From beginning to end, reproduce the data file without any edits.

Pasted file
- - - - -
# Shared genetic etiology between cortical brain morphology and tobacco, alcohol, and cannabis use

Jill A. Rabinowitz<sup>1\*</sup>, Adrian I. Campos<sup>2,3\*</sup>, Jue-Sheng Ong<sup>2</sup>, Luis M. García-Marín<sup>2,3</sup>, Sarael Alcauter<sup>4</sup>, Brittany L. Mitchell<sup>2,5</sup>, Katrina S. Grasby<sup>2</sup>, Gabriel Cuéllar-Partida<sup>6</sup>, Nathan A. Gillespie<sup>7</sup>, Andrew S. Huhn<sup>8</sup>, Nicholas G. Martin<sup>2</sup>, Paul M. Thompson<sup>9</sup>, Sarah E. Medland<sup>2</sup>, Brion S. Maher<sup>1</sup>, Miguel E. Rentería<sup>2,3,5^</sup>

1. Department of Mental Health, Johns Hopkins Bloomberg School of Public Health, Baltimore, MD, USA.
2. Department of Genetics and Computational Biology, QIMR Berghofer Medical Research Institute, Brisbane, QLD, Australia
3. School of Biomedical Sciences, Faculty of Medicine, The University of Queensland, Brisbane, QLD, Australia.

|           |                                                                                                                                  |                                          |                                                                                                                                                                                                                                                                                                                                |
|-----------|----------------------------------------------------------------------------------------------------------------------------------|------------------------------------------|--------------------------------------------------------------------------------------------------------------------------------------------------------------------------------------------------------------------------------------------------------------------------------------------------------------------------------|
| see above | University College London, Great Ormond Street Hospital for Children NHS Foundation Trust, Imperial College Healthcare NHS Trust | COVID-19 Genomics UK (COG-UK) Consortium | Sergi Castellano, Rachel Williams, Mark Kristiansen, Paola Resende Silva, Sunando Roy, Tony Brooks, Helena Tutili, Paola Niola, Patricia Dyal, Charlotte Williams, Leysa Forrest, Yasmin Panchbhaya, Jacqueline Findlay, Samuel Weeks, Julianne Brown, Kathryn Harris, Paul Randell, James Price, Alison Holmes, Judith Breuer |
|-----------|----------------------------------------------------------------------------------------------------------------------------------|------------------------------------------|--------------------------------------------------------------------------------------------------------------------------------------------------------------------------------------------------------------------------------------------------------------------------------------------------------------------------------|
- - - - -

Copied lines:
# Shared genetic etiology between cortical brain morphology and tobacco, alcohol, and cannabis use

Jill A. Rabinowitz<sup>1\*</sup>, Adrian I. Campos<sup>2,3\*</sup>, Jue-Sheng Ong<sup>2</sup>, Luis M. García-Marín<sup>2,3</sup>, Sarael Alcauter<sup>4</sup>, Brittany L. Mitchell<sup>2,5</sup>, Katrina S. Grasby<sup>2</sup>, Gabriel Cuéllar-Partida<sup>6</sup>, Nathan A. Gillespie<sup>7</sup>, Andrew S. Huhn<sup>8</sup>, Nicholas G. Martin<sup>2</sup>, Paul M. Thompson<sup>9</sup>, Sarah E. Medland<sup>2</sup>, Brion S. Maher<sup>1</sup>, Miguel E. Rentería<sup>2,3,5^</sup>

1. Department of Mental Health, Johns Hopkins Bloomberg School of Public Health, Baltimore, MD, USA.
2. Department of Genetics and Computational Biology, QIMR Berghofer Medical Research Institute, Brisbane, QLD, Australia
3. School of Biomedical Sciences, Faculty of Medicine, The University of Queensland, Brisbane, QLD, Australia.

|           |                                                                                                                                  |                                          |                                                                                                                                                                                                                                                                                                                                |
|-----------|----------------------------------------------------------------------------------------------------------------------------------|------------------------------------------|--------------------------------------------------------------------------------------------------------------------------------------------------------------------------------------------------------------------------------------------------------------------------------------------------------------------------------|
| see above | University College London, Great Ormond Street Hospital for Children NHS Foundation Trust, Imperial College Healthcare NHS Trust | COVID-19 Genomics UK (COG-UK) Consortium | Sergi Castellano, Rachel Williams, Mark Kristiansen, Paola Resende Silva, Sunando Roy, Tony Brooks, Helena Tutili, Paola Niola, Patricia Dyal, Charlotte Williams, Leysa Forrest, Yasmin Panchbhaya, Jacqueline Findlay, Samuel Weeks, Julianne Brown, Kathryn Harris, Paul Randell, James Price, Alison Holmes, Judith Breuer |
|-----------|----------------------------------------------------------------------------------------------------------------------------------|------------------------------------------|--------------------------------------------------------------------------------------------------------------------------------------------------------------------------------------------------------------------------------------------------------------------------------------------------------------------------------|